If you want to check out the toolkit, but have never yet entered a virtual environment where you are represented by an avatar, rest assured this will be one of the easiest and least threatening places to visit. And because many people entering a virtual space for the first time are worried about interacting with others, I have set it all up so that you can run and visit the toolkit on your own computer. Just download and unzip the following file and follow the directions on the Readme file (this is a very large download – about 560 MB zipped and just over 1 GB unzipped):

By visiting the toolkit with this method, there will be no else who can enter the toolkit other than you. You can also download and unzip the files onto a USB drive so that you can use them on any computer. 

For those of you interested in my choices of design, I realize I could have chosen many different themes and visualizations. But for this particular document, I decided to remain somewhat conservative and traditional in my 3D representation. This is because people in my field of engineering and public works and even local government are still not yet heavily involved in the use of virtual worlds or 3D technology. So most people in these fields who visit the 3D ADA Toolkit could be entering a virtual environment for the first time. And based on feedback I received over the years from colleagues who attempted to check out virtual environments, I believe that they will have the most positive and successful experience if the virtual space is at least somewhat familiar. This is also the reason that I have set up the environment in several different locations. Those interested in checking out the toolkit can do so not only by visiting it in existing virtual worlds like OSGrid and MOSES, but also on the privacy of their own computer where they can focus on the toolkit and not have to worry about interacting with others.

I'd like to continue to explore transforming government documents into 3D learning environments and sharing them with other government professionals. And over time, as people become more familiar with the learning techniques offered by virtual settings, I would expect to eventually expand the visualizations to become more interesting and non-traditional with even more tools for engagement. Eventually I would also like to try out this transformation using other software such as Unity3D. In the meantime, if you have a particular document you would be interested in seeing transformed into 3D, or are interested in collaborating on creating one, or have feedback or suggestions for improvement, just send me an email or share your information in the comments below.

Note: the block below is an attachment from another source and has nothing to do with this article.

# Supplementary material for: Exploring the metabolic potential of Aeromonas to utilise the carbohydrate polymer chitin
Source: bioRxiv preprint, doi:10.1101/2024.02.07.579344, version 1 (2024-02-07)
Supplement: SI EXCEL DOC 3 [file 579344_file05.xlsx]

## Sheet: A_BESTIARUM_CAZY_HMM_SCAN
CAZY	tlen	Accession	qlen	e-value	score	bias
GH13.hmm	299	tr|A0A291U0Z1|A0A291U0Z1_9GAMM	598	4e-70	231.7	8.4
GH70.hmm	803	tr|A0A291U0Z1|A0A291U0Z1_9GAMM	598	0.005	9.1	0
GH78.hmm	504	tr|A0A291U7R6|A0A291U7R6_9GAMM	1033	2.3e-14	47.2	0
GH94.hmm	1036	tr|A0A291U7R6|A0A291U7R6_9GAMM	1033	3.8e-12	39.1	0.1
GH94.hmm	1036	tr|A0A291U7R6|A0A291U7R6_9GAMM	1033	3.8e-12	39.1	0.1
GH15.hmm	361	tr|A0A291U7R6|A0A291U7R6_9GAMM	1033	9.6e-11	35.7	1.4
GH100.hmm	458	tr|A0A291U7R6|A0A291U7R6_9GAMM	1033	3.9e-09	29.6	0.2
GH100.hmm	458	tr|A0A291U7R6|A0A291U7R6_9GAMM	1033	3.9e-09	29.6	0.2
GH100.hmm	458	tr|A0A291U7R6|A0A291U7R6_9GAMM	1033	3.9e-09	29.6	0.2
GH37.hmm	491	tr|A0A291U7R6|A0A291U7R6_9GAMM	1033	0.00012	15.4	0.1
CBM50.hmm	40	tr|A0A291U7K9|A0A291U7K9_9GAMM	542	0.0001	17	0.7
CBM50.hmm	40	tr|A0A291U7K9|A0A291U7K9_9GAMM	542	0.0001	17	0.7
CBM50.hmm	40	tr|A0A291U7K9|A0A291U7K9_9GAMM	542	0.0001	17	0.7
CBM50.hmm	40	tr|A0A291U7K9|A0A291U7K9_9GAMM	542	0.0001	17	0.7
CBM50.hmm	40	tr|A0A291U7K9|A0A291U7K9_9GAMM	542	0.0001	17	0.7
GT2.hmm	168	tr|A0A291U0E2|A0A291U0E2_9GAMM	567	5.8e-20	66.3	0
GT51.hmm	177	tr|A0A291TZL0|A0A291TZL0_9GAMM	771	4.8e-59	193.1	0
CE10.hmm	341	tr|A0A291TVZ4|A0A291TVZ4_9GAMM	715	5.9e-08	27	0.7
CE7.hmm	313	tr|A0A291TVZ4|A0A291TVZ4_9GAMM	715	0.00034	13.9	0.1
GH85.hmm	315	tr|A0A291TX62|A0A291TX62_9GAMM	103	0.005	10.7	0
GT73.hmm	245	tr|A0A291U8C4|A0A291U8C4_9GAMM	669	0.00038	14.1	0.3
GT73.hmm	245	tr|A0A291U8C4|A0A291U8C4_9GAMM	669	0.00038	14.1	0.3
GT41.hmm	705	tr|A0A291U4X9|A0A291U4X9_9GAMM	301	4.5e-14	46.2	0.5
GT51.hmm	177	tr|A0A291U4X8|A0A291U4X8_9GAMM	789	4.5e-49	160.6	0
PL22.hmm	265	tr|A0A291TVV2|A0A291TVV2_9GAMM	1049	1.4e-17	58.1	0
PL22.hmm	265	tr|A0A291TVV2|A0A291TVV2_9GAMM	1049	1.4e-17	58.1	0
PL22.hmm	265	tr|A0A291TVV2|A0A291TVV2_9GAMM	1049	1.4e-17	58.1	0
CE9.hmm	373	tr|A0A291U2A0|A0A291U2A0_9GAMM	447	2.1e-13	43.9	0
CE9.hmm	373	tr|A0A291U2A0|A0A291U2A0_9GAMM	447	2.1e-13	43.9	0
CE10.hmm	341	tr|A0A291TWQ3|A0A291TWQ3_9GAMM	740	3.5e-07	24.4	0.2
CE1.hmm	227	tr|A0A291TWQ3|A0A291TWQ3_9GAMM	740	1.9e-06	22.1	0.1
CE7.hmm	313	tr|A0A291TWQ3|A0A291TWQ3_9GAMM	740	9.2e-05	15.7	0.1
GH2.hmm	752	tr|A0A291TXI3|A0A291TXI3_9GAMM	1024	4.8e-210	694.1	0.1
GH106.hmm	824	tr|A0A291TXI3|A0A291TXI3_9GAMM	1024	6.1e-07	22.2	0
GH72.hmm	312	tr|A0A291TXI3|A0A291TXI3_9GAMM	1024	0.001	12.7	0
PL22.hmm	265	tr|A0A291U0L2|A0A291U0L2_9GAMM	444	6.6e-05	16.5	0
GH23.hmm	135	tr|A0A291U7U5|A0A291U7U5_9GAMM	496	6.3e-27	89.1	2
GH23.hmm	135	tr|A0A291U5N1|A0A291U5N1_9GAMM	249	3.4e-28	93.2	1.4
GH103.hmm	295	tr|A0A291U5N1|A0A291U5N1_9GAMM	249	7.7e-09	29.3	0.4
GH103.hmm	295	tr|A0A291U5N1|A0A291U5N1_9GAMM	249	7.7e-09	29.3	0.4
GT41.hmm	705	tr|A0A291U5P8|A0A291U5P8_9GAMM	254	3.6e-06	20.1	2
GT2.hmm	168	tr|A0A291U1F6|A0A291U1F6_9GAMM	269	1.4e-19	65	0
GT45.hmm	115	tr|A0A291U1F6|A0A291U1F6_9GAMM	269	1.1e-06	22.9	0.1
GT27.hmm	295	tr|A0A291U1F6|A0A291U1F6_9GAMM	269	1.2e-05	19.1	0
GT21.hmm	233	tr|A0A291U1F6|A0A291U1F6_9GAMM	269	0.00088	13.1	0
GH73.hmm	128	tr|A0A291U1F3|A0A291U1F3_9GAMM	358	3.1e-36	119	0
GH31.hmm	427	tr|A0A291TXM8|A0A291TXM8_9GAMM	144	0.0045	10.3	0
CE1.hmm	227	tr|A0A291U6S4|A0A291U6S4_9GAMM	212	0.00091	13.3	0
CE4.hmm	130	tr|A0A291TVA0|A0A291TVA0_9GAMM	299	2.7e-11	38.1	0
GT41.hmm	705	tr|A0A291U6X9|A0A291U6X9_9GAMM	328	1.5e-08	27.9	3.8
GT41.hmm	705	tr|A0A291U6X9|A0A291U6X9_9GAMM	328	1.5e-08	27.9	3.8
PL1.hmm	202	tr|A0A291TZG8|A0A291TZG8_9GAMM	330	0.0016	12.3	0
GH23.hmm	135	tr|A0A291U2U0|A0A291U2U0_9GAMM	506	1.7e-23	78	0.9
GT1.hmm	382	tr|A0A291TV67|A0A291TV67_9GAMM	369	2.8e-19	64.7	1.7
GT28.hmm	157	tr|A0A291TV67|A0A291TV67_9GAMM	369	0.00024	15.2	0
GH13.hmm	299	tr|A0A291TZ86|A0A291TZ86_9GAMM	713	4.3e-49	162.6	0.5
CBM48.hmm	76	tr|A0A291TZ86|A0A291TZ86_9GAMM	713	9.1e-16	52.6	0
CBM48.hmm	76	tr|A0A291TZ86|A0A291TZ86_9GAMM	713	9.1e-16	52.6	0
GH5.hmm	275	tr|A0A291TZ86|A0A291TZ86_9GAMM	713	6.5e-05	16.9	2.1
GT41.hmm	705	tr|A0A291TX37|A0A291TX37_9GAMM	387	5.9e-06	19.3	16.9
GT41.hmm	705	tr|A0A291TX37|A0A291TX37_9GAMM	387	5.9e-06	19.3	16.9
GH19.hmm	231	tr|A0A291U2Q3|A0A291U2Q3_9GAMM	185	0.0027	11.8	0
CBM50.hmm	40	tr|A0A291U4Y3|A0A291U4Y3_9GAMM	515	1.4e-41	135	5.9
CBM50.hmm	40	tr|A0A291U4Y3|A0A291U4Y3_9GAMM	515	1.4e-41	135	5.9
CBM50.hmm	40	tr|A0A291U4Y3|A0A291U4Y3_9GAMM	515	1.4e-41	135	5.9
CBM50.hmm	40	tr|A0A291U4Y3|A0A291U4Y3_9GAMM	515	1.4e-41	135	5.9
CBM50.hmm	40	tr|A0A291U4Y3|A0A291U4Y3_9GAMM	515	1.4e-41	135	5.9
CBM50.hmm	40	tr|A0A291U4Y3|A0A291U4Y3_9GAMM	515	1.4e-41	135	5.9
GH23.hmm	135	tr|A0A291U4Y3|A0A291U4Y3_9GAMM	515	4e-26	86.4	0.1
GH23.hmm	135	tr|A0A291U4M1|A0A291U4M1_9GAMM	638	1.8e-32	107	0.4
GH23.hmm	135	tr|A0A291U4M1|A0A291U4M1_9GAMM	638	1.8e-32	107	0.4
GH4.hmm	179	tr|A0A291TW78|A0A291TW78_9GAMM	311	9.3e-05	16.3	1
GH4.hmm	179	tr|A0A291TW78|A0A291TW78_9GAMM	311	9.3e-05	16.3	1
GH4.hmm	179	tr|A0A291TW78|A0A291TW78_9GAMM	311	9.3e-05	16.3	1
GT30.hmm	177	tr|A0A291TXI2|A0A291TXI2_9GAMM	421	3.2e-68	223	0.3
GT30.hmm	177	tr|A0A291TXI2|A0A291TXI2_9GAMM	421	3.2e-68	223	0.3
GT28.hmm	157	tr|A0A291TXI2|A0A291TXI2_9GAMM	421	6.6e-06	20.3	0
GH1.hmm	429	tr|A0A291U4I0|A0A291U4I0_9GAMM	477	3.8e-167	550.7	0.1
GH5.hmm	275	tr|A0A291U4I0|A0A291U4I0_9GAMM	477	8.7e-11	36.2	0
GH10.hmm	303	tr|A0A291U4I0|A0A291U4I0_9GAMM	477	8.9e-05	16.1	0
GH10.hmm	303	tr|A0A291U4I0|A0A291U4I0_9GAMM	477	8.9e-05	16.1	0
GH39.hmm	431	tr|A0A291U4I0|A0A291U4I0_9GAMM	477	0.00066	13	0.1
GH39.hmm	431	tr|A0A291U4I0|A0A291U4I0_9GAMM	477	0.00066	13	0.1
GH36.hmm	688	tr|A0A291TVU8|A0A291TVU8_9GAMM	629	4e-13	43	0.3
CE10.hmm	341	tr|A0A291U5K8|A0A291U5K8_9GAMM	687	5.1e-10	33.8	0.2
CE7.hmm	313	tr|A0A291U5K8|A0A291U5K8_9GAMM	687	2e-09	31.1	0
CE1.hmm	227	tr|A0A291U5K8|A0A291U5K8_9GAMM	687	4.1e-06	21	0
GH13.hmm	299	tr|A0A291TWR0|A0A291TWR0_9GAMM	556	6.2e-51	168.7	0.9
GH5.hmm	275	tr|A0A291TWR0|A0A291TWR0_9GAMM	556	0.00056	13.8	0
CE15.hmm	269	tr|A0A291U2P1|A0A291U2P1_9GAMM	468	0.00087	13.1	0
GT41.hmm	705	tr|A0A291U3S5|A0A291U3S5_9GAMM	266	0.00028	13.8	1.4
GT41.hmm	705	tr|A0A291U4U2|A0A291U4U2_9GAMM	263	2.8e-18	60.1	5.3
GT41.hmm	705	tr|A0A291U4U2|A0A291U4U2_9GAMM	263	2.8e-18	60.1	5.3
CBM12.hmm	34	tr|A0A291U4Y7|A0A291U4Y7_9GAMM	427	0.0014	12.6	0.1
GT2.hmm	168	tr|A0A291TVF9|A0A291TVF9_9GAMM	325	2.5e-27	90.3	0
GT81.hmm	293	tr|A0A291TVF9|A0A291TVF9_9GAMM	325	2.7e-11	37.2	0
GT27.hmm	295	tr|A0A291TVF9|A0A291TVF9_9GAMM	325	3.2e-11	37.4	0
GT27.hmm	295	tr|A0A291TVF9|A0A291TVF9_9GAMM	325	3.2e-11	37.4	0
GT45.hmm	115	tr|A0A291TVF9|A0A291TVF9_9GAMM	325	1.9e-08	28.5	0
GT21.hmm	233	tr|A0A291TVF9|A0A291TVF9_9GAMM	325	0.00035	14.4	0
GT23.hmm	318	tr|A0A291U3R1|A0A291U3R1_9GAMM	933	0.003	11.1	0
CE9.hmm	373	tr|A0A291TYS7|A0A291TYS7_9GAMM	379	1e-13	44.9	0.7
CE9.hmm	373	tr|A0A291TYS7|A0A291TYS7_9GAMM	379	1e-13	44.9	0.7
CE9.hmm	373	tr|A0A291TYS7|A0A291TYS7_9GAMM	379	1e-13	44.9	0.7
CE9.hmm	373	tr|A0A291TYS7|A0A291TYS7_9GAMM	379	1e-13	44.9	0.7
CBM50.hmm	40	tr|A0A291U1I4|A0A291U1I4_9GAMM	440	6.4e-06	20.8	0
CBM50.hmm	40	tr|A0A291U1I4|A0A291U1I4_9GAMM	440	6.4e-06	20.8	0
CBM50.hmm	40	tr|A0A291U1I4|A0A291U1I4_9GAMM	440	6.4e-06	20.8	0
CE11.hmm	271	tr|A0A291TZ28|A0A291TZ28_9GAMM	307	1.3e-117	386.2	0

Applying a Local Government Management Structure to Second Life

Today's post is a break from my usual "A Day in the Life. . ." series. This break is due to two reasons: taking time off for the holiday and working on a project I am submitting to the Federal Virtual World Challenge.

The Growing Digital Community

Lately I've been thinking a lot about communities. I guess this isn't too unusual because I tend to do this anyway as part of my job working for local government. But lately it's been different. And as crazy as it sounds, I think playing Farmville started it all. Yes, aside from inspiring me to dream up an agriculturally themed set of Transformers, playing Farmville has also driven home the point that I have truly become part of a community other than the one in which I physically live. (Which, by the way, why is Farmville selling stuffed animals when they could have been selling a whole line of these cool Transformers!?)

Sure some of the people I am neighbors with on Farmville are people I know offline – one is even a best friend from high school. But there are also many who I have only known through our mutual use of virtual worlds like Second Life. I don't know all of them as well as I knew my best friend – the majority of people I know from Second Life are more like acquaintances and most are people I have never physically met. But other than the difference of meeting digitally vs. physically, there seems to be little difference from the types of relationships I have offline. I am normally best friends with only a few and acquaintances with many. Some I may only know by name because I hear about their work or see their name in the paper. And this is also how I know of many in Second Life.

The Management of Second Life